I am John Snow Professor of Epidemiology at Queen Mary University of London. My current interests are in cancer epidemiology and clinical trials, with special interest in prevention and screening.
My research activities are concentrated on cancer screening and early diagnosis. There is potential for considerable saving of lives from cancer if it were diagnosed at an earlier stage.
My research interests focus on improving the care of women with breast cancer through clinical trials. I am investigating a variety of novel agents that target specific pathways within cancer cells and the surrounding tissue.
My research is focused on Machine Learning with applications in Bioinformatics and Health Informatics, and Data Management of the Breast Cancer Now Tissue Bank (BCNTB).
My research focuses on understanding the progression of early breast cancer (ductal carcinoma in situ – DCIS) to invasive disease and the role of the microenvironment in this process.
My research is focused on understanding the early stages of breast cancer by using normal human breast cells obtained through the Breast Cancer Now tissue bank as building blocks to recreate a human breast duct in the laboratory environment.
My research focuses on understanding the role of RNA localisation in breast cancer progression. In particular, I am looking at how and why the cellular localization of some small nuclear RNAs (snoRNA) are altered during disease progression.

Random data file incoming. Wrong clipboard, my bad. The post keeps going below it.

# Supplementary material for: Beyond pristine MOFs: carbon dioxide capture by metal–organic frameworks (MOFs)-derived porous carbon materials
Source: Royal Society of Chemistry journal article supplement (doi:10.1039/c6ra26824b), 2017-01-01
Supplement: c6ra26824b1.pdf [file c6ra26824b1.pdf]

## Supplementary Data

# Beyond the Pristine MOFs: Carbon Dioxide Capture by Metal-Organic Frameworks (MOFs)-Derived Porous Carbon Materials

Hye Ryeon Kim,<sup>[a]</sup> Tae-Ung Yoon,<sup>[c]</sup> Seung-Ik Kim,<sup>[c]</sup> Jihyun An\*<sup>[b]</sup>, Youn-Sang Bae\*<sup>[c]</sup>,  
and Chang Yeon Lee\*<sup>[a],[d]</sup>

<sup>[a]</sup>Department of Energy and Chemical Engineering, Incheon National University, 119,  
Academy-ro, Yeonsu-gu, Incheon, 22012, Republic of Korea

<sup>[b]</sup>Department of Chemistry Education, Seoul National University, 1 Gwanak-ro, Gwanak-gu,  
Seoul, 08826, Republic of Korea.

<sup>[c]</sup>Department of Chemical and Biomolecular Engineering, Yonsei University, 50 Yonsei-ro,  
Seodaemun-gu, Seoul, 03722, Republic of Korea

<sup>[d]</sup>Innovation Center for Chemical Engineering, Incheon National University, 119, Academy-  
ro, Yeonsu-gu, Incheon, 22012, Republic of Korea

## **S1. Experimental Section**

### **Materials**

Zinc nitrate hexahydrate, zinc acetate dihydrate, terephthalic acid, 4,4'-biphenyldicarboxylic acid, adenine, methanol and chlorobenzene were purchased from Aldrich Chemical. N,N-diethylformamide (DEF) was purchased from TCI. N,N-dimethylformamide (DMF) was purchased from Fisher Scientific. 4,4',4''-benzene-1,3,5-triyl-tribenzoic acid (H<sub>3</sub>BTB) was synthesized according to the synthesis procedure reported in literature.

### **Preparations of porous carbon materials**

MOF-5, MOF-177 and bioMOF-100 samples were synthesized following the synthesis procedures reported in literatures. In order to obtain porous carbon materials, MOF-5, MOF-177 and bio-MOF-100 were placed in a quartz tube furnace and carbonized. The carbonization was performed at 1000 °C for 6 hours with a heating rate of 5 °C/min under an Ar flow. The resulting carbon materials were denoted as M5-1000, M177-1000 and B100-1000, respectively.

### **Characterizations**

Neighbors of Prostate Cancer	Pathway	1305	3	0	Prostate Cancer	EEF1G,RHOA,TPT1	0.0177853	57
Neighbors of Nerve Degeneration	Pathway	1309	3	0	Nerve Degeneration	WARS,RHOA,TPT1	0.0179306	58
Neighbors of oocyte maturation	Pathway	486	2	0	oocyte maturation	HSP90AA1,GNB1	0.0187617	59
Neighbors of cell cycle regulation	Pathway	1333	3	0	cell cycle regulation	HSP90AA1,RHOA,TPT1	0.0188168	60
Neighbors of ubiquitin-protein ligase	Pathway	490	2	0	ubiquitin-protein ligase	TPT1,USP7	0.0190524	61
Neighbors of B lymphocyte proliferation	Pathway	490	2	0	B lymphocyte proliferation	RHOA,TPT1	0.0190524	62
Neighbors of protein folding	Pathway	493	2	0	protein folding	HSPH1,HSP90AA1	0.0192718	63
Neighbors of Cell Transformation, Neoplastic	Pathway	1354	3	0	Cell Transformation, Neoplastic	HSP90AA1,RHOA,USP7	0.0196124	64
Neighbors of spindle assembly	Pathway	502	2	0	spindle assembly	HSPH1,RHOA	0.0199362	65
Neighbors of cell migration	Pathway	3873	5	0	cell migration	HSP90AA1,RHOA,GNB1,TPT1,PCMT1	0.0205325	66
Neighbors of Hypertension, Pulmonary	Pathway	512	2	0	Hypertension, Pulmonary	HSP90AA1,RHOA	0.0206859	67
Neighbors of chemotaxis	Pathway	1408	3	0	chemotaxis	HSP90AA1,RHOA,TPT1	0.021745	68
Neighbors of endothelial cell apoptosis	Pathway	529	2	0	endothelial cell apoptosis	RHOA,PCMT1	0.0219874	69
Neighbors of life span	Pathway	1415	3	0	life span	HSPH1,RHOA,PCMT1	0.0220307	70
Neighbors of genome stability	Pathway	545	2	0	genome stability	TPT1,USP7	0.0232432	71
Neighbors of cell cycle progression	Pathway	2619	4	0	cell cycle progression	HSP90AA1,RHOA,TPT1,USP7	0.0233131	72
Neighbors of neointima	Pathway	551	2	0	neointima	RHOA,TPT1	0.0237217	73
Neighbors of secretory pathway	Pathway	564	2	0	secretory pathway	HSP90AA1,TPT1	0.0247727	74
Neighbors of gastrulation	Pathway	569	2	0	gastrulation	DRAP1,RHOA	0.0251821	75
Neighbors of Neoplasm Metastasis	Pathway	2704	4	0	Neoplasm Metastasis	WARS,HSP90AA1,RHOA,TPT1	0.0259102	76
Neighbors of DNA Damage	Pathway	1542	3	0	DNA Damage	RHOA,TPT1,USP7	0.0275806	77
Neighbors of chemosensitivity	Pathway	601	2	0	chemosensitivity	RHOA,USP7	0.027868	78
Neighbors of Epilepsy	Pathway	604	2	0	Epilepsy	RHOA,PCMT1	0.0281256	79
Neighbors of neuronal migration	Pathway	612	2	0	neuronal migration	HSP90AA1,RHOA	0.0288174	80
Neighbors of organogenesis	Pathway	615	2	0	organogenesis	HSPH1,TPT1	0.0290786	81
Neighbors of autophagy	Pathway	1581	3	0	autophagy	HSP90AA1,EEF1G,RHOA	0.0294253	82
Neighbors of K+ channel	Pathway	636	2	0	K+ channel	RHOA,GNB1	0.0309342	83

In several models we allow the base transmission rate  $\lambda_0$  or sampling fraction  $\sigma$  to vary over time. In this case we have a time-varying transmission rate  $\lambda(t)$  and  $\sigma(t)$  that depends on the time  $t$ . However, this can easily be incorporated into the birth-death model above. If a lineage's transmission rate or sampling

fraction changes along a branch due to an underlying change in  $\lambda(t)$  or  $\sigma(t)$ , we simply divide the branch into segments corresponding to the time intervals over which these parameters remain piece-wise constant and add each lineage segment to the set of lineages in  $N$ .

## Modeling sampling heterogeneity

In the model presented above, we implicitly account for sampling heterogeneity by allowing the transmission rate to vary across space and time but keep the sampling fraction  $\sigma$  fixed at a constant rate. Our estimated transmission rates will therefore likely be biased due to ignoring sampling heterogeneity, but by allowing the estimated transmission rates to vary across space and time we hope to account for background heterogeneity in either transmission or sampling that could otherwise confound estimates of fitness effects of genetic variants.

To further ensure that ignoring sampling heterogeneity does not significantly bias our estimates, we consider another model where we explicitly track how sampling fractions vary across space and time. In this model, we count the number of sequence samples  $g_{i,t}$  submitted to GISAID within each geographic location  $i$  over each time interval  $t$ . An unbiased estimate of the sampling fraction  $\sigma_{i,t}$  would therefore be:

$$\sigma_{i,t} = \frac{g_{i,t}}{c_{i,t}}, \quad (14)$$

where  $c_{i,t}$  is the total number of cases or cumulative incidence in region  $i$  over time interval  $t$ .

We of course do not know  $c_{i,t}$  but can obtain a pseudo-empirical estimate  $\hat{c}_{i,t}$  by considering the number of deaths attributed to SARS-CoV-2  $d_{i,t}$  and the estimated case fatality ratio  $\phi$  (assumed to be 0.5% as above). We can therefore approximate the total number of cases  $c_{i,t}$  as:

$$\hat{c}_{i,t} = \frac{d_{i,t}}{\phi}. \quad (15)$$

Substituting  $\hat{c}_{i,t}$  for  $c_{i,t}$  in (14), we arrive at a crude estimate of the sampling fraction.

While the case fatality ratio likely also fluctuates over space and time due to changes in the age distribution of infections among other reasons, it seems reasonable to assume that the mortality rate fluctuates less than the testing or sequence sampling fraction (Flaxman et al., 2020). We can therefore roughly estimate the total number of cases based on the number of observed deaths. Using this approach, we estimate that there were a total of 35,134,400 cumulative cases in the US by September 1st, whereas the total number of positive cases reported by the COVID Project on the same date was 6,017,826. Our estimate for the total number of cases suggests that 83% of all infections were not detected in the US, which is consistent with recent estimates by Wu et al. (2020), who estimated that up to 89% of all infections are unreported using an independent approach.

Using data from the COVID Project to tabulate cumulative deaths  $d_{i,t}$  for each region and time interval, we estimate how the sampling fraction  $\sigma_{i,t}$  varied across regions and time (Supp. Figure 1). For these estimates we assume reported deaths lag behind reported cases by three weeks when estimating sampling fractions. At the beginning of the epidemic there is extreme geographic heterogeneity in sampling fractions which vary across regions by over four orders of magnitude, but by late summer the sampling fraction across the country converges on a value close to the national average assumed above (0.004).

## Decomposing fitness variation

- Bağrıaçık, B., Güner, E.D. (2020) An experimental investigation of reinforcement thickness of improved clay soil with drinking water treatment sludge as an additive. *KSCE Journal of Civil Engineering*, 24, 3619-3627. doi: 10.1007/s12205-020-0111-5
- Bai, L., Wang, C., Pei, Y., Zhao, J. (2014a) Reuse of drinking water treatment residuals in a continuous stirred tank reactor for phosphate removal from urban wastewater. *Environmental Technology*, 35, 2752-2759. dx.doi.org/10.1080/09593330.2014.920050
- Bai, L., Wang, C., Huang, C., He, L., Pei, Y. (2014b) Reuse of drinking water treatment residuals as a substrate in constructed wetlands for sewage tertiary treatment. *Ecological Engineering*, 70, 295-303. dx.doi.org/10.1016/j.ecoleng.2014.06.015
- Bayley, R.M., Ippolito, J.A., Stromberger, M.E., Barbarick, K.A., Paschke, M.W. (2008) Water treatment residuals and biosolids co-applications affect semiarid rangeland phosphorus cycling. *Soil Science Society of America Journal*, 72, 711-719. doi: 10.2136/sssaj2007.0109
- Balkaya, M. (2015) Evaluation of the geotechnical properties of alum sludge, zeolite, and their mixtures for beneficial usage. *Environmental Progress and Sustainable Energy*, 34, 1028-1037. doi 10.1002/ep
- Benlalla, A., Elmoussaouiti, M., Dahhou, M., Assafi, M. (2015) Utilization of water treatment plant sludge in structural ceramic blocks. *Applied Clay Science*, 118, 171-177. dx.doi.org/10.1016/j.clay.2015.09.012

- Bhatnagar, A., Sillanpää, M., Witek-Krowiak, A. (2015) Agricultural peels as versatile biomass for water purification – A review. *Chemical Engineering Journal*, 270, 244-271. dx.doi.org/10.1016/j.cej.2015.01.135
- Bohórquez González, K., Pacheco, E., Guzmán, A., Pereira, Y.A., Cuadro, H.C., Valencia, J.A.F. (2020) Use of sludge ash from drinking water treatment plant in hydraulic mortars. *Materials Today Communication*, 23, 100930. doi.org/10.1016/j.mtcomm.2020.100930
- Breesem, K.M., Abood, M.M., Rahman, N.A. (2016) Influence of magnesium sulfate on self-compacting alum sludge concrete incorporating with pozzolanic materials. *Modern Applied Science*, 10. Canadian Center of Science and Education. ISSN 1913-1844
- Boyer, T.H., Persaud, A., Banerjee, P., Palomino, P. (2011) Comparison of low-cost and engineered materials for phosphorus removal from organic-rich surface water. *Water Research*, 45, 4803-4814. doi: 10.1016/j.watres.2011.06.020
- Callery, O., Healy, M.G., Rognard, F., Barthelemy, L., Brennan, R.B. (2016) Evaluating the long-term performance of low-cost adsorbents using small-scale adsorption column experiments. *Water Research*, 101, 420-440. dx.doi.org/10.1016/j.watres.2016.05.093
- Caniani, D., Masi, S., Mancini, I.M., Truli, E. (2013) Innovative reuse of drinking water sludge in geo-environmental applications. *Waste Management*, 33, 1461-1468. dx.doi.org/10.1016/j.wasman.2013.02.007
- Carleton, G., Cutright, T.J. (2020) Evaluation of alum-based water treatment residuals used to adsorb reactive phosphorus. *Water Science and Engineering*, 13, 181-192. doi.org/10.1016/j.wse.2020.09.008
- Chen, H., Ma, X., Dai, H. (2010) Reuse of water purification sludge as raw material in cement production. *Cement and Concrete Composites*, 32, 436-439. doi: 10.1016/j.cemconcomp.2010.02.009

We are updating the bioinformatics data management system, expanding the analytical modules and functionalities, developing purpose-built graphical pug-ins and designing the bioinformatics infrastructure to allow the querying and analysis of data returned from projects using BCNTB tissues.
My research focuses on understanding the relationship between chromosome instability mechanisms and tumour cells’ resistance to therapies.
The aim of my work is to develop clinically-relevant biomarkers that could aid in earlier disease detection, predict treatment response, and inform clinical management of patients.
I am interested in understanding whether epigenetics can play a driving role in the transition from normal to transformed cells in the breast.
My research investigates a specific composition of extracellular matrix molecules which may explain the difference between responders and non-responders to immunotherapy.